Friday, May 4, 2012
In a nation that gets more homogenized every day, Texas still feels, as its ad slogan says, “like a whole other country.” That’s partly because of a commitment to individualism that runs so deep it almost amounts to a cult of personality, though it’s a cult with many leaders: Texans celebrate just about any personality big enough to step forward and declare itself. It’s also because of the metaphor-studded, pomposity-puncturing, laugh-out-loud richness of the language. A true Texan, like a prototypical Irishman, can turn almost anything into a good story.
When I talked to him last week for The L Magazine, writer-director Richard Linklater called Bernie “the most purely Texas thing I’ve ever done.” It’s also the purest slice of Texas I’ve seen onscreen since Friday Night Lights, and the funniest since … well, maybe ever. Come to think of it, there aren’t a lot of funny movies about Texas.
What makes Bernie so entertaining, and so truly Texan, is the unlikely character at the center of the story and the torrent of talk that surrounds him as a juicy cross-section of his townspeople comment on his story. Linklater’s script closely tracks a Texas Monthly article by Skip Hollandsworth about Bernie Tiede (Jack Black), a gregarious assistant funeral director in the cosy East Texas town of Carthage. Everyone in Carthage loves Bernie and Bernie loves everyone in Carthage, so, in classic Texas cult-of-personality fashion, everyone’s pretty much fine with anything he does.
One of the sections into which the film is divided, like subheads in a magazine feature, is titled: Was Bernie Gay? The question seems inevitable, given his effeminate manner, artistic leanings, and exclusive attentiveness to the town’s “DLOLs, or dear little old ladies,” as one of the commentators calls them—particularly the icy Mrs. Nugent (Shirley MacLaine), of whom one of the townspeople says: “Her nose was so high she’d drown in a rainstorm.”
So was Bernie gay? Yes, Maybe, Probably, Who knows? say the townspeople. Ultimately, they all agree on one thing: Who he sleeps with (or doesn’t) is none of their business. But just as you’re starting to feel all warm and fuzzy about these fine folks’ loyalty and open-mindedness, the story takes a sharp left turn, meandering into territory so weird it feels almost surreal.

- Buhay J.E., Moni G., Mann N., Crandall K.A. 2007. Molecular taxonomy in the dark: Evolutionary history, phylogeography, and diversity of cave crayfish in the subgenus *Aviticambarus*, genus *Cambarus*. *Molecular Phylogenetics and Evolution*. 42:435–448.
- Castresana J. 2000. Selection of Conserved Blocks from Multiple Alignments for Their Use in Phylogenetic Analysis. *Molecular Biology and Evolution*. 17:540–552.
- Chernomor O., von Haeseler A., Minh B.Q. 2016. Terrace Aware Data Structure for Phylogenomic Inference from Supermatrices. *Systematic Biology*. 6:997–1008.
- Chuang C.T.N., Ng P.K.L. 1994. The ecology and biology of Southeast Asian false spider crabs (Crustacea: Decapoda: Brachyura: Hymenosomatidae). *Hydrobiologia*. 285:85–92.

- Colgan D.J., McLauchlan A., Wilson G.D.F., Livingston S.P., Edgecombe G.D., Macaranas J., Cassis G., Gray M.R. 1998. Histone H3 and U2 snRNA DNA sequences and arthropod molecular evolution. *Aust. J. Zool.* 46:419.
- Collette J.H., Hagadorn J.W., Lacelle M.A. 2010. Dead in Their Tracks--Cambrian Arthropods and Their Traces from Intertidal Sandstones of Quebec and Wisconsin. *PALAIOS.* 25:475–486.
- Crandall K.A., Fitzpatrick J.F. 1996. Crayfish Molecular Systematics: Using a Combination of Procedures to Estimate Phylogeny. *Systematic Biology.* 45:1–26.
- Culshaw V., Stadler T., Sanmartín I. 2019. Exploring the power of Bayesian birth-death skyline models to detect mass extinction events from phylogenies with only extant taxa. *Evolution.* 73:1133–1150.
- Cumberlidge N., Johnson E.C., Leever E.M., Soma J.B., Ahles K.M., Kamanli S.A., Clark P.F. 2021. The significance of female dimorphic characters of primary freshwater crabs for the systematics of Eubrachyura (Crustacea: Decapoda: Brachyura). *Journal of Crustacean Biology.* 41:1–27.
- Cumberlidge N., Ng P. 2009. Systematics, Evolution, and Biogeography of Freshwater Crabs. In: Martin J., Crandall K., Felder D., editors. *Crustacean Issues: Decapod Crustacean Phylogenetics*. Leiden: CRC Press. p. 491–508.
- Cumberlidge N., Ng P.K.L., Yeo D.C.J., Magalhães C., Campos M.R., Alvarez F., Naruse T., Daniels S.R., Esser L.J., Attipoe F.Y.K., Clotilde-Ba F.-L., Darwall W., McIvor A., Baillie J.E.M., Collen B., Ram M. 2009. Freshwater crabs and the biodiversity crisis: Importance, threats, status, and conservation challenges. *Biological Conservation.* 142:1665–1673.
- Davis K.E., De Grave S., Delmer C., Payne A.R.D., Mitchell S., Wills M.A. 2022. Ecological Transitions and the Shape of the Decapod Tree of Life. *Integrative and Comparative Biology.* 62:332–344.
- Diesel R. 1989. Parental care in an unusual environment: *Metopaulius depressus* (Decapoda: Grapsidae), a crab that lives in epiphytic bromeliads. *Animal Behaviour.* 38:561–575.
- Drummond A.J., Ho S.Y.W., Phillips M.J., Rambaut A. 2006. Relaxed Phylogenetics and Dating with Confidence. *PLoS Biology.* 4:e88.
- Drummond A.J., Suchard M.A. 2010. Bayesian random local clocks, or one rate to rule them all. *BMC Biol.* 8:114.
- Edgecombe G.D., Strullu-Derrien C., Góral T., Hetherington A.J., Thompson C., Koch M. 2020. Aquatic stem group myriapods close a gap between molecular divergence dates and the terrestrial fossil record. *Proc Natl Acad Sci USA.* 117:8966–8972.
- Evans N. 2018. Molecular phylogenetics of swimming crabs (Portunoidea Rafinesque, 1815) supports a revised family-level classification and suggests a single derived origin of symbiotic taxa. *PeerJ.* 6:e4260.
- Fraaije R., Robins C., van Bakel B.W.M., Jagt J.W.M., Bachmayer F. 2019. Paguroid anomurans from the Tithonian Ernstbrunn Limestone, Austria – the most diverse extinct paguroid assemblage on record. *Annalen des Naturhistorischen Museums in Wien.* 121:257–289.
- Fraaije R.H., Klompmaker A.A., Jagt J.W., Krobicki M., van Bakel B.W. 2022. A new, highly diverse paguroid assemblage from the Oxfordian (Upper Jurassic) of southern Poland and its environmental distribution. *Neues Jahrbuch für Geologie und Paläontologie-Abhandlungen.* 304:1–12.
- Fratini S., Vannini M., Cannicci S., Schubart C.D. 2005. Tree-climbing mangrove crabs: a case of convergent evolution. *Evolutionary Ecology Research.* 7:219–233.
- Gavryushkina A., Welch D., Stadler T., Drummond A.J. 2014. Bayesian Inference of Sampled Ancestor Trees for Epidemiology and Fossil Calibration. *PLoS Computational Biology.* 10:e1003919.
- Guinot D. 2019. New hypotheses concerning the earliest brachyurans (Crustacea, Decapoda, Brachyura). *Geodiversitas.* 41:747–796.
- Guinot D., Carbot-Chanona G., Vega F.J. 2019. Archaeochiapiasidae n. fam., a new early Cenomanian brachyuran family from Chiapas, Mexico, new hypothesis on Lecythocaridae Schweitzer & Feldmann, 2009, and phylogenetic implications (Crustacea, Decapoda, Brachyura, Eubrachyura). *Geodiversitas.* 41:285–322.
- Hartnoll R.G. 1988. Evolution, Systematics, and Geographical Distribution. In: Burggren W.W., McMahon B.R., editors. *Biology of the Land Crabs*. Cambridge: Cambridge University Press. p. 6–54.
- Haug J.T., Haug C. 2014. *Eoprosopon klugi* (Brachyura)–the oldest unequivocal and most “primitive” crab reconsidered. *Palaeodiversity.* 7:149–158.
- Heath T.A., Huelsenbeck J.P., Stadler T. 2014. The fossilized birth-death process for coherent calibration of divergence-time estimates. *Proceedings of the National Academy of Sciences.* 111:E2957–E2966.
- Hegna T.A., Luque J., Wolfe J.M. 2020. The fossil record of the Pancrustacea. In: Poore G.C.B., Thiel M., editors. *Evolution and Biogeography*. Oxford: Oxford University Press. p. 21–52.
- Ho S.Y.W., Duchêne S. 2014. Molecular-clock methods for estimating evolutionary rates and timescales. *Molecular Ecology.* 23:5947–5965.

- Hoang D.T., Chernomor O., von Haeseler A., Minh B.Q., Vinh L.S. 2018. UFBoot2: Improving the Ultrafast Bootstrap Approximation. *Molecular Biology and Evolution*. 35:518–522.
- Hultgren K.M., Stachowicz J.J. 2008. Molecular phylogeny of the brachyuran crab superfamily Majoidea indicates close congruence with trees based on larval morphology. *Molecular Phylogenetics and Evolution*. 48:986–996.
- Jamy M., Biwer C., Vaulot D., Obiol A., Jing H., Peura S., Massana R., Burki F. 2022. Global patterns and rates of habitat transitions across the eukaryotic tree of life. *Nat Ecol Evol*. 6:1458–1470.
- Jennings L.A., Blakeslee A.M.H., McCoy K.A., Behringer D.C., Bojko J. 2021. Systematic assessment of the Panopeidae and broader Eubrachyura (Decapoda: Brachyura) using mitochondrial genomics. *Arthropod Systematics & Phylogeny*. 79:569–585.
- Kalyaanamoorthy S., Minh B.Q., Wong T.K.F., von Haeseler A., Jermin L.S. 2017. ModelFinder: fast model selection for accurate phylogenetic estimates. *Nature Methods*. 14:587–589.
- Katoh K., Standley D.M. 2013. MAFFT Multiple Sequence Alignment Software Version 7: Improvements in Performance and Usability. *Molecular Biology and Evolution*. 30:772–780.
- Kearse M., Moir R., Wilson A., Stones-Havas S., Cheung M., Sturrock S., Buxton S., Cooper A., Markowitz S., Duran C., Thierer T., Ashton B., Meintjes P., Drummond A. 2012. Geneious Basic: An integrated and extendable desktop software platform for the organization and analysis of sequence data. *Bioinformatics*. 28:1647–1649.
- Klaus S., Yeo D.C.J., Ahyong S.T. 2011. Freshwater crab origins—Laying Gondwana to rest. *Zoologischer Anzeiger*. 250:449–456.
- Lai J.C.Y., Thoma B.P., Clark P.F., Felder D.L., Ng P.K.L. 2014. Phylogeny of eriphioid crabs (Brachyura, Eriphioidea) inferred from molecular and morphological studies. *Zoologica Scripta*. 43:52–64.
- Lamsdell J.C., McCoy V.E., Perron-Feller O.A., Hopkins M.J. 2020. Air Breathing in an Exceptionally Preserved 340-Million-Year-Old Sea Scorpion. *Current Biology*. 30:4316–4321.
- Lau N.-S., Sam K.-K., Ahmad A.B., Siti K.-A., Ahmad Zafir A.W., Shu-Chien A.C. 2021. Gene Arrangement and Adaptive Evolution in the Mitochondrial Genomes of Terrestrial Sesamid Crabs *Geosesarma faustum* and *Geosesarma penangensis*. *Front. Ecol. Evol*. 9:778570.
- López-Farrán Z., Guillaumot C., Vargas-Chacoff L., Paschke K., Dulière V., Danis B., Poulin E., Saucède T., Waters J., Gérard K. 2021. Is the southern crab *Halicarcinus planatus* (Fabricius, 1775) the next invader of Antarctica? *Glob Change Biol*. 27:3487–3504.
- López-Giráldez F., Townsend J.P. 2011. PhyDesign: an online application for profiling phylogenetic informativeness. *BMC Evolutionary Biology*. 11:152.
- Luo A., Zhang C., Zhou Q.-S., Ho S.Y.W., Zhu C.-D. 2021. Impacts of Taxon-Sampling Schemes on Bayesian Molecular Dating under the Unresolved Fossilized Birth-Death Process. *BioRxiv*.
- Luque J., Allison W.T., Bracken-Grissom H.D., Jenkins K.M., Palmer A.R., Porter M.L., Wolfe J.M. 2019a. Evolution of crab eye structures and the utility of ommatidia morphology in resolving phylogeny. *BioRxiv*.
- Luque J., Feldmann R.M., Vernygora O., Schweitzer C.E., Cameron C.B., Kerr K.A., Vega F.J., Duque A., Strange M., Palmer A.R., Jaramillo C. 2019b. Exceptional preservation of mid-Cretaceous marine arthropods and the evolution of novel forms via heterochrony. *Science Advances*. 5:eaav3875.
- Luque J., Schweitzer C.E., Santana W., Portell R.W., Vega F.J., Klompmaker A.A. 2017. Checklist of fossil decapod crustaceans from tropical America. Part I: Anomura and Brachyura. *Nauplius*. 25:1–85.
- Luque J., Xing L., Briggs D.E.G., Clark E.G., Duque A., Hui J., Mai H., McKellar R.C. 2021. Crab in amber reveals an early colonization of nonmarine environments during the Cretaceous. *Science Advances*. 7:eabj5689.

Pushed too far by Mrs. Nugent’s escalating demands, Bernie snaps one day and kills her. It takes a few weeks before anyone catches on, since nobody but her stockbroker misses her, but the case eventually comes to trial—in another town, since the DA is convinced that nobody in Carthage would vote to convict their beloved Bernie. As Bernie’s lawyer notes, he’s been a trial lawyer for decades, and this is the first time he ever heard of a trial being moved because the jury pool was too favorably inclined toward the defendant.
The three main actors—Black, MacLaine, and Matthew McConaughey, who plays the grandstanding DA—are all inveterate scene-chompers, but Linklater gets mercifully subdued performances from all three, and their only slightly exaggerated naturalism serves the script’s reality-based absurdity well. But the best part of Bernie is the colorful language with which the gossips embroider this stranger-than-fiction story.
If he lived in Ohio, laconic Lonnie (Sonny Carl Davis) might have just said the people in the town where Bernie’s trial was held weren’t very well educated. Instead, he says: “They got more tattoos than teeth and there ain’t a brain amongst the whole dozen of ‘em, and they’re supposed to decide something like this? I mean, hell, I wouldn't let ‘em work on my car.”
Written for TimeOff